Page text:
About that time, the field called to tell me that one of the riders was off, having trouble with her horse. So Marie and I kept with the hounds and the small field stopped to see that she was okay. We climbed the steep hill, and about three quarters of the way up my horse gave out about the same time I did. My cold/flu must have been a little worse than I thought because I was about to pass out from running and blowing, so I slid off my horse and climbed the final steep face to the top. How did Marie get up there? It had looked doable from the bottom, but the last part was a doozy and I was glad the ground wasn’t frozen or we wouldn’t have made it. A few rear hounds were still with and passing me, among them my boy Zeus. Of course, he’s a fair weather hunter, but if you want to find me, find Zeus. Meanwhile, Marie caught up to the hounds who were on the top, heading west across Bone and over into the golf course. She got around the south through State, cheering them on. At the same time, Lori took the rallied field to the base of Shane’s where I suspected the hounds had run the coyote to the den in the bottom. In fact, the coyote must have ran past the den and down to the backyard and straight into the field! Well, if that’s not home base, I don’t know what is, so Lori scooped up the majority of the hounds and held them at the water trough as Marie watched the west out-of-bounds line and I came down Shane’s to get the hounds they had heard in the bottom.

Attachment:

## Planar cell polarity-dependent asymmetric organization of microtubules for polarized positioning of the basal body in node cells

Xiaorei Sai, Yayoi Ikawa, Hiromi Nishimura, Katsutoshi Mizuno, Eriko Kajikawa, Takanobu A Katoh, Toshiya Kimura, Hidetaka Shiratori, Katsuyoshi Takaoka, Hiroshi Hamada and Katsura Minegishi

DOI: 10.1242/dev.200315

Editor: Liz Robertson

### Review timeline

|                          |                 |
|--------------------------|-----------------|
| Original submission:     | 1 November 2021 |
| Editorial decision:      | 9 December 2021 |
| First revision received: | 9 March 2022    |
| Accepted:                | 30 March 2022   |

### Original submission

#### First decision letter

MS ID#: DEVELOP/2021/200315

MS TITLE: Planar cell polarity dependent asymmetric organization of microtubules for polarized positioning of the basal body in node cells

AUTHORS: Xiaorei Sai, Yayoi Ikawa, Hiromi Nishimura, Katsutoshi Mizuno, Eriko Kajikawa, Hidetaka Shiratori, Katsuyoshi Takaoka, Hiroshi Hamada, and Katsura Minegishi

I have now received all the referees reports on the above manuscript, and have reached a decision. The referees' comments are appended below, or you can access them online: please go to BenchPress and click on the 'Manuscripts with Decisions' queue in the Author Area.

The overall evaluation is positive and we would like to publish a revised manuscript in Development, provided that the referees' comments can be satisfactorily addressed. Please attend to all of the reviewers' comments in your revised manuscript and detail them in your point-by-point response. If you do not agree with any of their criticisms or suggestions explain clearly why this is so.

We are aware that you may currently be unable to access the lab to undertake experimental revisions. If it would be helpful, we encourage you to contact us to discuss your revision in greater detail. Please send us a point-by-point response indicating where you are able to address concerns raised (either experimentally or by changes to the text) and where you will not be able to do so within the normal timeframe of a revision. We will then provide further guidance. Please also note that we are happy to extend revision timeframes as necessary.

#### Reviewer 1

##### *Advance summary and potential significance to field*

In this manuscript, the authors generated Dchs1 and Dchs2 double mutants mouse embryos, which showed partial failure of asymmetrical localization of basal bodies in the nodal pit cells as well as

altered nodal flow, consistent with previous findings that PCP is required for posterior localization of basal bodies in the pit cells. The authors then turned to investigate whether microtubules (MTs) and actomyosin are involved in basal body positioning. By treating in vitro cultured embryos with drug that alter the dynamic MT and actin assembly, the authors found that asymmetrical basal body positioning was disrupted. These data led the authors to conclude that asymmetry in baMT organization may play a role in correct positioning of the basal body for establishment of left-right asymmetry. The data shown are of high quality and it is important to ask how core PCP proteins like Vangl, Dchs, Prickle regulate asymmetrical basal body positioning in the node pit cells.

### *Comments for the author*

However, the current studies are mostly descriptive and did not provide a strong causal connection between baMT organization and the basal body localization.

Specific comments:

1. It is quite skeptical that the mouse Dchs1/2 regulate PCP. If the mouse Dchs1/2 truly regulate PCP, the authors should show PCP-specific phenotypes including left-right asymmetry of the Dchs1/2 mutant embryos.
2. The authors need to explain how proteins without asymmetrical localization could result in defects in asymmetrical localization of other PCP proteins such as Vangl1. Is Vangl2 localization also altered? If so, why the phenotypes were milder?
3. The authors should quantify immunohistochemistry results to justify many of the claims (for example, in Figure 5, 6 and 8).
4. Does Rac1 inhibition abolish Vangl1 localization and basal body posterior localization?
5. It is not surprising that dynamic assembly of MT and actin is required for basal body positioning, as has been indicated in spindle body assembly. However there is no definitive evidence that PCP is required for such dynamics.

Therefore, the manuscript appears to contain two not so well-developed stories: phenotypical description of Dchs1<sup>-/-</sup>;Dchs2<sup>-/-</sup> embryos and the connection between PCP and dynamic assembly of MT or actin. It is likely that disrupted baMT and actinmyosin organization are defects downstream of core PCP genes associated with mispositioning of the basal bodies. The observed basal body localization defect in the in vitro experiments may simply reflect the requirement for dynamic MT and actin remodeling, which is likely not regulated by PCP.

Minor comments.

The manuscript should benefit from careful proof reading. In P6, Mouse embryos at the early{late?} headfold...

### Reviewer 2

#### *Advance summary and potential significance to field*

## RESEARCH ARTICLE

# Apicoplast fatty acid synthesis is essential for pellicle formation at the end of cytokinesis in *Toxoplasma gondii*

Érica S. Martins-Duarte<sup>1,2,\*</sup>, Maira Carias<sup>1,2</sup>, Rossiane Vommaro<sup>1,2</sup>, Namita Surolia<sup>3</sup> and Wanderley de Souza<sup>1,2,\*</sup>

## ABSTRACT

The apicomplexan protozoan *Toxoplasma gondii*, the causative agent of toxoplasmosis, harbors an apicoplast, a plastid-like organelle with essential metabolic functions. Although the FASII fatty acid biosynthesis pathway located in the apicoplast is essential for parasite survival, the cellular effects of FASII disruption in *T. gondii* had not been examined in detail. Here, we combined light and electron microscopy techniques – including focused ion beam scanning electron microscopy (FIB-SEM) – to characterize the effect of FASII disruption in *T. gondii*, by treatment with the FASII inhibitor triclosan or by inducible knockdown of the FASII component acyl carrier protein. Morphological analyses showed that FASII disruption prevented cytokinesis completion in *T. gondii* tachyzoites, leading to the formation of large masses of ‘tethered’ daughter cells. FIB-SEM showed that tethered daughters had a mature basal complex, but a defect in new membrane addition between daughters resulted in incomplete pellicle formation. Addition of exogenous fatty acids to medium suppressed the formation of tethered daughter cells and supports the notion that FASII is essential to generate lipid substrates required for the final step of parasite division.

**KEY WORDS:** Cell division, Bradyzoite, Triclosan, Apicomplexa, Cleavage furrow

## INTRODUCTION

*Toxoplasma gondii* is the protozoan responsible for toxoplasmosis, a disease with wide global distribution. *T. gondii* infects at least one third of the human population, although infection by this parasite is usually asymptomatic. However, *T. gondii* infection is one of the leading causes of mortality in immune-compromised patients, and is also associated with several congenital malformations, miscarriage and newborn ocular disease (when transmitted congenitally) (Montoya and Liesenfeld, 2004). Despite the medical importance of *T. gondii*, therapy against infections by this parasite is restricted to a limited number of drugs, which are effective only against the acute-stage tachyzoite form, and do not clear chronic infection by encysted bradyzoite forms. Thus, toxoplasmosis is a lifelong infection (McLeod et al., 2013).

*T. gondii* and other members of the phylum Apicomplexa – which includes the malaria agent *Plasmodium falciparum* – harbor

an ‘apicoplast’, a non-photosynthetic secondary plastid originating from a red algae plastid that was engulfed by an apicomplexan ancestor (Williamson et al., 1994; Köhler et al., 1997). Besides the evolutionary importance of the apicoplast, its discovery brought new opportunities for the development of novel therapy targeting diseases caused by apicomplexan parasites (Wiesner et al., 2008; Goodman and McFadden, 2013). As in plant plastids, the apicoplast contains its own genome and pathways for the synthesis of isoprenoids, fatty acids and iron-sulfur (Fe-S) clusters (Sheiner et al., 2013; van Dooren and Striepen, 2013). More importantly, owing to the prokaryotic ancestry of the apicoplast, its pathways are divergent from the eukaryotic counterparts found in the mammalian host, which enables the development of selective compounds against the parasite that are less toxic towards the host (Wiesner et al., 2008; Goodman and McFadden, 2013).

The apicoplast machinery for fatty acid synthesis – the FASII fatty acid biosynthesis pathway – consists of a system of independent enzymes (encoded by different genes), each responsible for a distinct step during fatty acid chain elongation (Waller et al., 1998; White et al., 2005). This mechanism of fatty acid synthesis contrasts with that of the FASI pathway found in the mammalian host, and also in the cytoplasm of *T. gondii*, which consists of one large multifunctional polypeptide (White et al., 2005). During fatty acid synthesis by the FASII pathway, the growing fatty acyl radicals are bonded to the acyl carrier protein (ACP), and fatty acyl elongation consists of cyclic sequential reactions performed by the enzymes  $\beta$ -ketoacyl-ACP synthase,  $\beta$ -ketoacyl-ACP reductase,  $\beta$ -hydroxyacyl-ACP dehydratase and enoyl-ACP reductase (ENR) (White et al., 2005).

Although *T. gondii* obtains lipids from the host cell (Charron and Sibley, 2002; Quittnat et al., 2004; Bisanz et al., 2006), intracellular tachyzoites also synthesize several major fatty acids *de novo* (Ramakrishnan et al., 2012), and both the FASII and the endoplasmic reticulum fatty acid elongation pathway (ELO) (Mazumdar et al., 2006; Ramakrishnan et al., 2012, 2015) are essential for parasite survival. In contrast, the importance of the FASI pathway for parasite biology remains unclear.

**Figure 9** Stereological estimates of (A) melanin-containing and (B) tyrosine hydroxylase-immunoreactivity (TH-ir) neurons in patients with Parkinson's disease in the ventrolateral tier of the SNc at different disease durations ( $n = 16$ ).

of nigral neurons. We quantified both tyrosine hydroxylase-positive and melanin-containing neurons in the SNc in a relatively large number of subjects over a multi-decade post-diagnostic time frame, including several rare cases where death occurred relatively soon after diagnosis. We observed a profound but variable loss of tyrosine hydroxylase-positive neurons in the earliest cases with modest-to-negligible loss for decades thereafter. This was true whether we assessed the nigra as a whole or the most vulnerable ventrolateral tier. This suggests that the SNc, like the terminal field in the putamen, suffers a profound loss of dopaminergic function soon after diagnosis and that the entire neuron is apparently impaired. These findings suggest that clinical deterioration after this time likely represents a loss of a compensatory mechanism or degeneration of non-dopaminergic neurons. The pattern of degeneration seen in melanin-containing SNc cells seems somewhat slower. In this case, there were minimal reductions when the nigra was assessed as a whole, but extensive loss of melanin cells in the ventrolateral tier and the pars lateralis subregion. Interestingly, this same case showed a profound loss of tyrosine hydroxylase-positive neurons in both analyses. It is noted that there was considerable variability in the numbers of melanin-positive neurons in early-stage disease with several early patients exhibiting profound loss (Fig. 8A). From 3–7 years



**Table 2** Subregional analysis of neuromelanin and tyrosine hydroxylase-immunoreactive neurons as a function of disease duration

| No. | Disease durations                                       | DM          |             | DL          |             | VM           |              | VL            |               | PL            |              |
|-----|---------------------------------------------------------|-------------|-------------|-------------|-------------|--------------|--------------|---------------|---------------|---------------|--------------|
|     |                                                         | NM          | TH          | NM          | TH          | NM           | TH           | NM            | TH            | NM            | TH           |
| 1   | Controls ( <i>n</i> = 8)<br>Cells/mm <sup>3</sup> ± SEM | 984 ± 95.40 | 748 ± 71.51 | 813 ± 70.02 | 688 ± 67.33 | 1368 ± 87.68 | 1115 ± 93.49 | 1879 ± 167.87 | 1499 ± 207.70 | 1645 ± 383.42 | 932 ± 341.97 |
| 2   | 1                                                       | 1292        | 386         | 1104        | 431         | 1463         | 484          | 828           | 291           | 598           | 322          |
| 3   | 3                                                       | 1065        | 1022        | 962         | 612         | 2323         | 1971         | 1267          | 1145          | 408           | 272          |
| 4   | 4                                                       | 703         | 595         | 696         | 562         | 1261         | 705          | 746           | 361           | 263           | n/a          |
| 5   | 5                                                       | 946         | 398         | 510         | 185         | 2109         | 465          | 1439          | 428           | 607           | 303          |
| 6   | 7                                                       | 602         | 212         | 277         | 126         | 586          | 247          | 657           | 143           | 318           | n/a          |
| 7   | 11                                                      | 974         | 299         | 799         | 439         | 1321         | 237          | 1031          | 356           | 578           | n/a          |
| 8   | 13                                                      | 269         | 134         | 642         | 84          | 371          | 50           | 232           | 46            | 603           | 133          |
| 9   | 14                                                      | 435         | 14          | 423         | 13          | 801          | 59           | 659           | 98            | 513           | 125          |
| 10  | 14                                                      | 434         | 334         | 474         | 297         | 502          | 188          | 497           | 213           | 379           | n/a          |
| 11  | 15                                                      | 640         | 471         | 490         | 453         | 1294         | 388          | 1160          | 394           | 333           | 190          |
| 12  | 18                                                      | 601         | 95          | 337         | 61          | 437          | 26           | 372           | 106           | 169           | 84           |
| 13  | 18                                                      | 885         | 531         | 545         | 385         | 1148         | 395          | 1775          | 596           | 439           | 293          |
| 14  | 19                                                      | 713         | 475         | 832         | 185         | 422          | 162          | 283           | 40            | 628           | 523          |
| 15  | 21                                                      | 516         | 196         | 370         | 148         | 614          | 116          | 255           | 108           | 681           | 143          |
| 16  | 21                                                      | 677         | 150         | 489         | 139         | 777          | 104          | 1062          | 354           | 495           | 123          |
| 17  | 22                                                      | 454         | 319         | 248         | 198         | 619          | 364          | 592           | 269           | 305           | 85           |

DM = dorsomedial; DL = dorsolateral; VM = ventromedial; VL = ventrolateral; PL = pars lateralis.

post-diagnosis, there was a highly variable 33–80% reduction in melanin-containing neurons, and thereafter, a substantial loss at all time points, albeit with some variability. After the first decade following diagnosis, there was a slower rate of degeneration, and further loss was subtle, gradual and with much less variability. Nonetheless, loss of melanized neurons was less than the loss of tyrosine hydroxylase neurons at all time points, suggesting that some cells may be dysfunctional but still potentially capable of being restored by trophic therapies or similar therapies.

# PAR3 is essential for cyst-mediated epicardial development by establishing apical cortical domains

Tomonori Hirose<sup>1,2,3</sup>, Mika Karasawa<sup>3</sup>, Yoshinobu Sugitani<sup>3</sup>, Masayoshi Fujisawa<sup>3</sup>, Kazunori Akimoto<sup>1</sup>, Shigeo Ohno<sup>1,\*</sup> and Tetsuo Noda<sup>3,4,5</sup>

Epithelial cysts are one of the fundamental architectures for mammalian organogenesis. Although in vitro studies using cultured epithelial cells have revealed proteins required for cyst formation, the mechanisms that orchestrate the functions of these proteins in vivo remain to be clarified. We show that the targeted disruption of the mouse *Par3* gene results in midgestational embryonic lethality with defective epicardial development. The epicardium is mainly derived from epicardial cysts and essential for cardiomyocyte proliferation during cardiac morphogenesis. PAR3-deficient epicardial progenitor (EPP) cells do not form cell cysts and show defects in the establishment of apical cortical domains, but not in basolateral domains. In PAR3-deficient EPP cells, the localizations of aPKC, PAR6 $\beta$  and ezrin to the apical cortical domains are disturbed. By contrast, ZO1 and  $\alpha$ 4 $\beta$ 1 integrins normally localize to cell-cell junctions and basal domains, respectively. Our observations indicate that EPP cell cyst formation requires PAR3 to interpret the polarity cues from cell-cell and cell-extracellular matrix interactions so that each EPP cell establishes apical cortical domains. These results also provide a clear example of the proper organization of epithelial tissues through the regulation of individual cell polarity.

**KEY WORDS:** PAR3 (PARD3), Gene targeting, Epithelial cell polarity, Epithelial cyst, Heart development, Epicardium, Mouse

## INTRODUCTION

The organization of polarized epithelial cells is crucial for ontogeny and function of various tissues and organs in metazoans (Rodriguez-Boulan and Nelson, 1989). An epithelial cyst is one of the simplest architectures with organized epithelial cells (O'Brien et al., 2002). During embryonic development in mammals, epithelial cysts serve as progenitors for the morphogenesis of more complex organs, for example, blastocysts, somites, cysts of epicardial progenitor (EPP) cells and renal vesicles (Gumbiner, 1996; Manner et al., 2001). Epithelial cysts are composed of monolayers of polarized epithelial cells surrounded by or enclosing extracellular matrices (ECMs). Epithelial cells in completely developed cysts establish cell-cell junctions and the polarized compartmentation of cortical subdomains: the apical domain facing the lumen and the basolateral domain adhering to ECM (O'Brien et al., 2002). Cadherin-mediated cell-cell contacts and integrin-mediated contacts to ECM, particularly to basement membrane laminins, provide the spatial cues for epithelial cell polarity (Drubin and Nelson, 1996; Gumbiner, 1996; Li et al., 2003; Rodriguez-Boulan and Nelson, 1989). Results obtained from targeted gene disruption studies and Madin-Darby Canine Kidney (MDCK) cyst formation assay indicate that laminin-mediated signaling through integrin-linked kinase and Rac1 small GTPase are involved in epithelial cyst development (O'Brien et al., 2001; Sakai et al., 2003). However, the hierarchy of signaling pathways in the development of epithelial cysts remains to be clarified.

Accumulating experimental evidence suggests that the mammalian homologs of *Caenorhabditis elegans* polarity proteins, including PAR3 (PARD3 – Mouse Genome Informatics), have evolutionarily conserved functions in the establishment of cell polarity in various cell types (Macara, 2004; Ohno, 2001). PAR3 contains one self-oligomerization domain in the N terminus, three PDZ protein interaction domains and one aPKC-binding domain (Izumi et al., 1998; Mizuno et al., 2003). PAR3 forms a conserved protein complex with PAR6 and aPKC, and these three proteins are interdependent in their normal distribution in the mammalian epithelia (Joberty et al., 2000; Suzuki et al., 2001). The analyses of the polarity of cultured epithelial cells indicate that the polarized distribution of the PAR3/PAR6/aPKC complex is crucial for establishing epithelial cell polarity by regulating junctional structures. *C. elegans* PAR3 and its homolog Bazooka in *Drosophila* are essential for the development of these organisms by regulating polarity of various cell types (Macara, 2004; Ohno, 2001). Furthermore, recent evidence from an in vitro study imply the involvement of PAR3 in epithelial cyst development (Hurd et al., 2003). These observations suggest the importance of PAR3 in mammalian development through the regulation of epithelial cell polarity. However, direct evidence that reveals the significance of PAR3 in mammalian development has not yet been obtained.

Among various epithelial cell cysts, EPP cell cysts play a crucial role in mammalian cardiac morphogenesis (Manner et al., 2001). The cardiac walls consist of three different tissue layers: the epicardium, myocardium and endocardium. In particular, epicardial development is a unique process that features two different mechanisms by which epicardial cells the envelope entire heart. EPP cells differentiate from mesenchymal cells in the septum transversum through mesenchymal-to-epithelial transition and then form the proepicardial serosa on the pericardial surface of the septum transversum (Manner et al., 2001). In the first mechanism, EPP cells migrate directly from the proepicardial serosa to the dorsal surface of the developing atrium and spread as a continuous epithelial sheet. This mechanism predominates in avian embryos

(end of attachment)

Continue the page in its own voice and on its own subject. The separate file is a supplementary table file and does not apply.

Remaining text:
We took the pack home, kenneled, and went back out to cool our horses and look for a couple old slow boys who weren’t home yet. As we passed by Bone, a youngster coyote trotted up the canyon in our view, looking over her shoulder, hopefully thinking That was fun to watch, and now I get it. I’m pretty sure that is what cubbing is all about.
Needless to say, the coyotes are thick this year. Why they chose to live in our backyard, I’m not sure.
I don’t know how coyotes simply vanish. I don’t know how you send out a thought and it comes to fruition. But, I do know that that today was one fun run. Short, sweet, and perfect. Thank you, hounds. Thank you, coyotes. Thank you, horses. And thank you, people.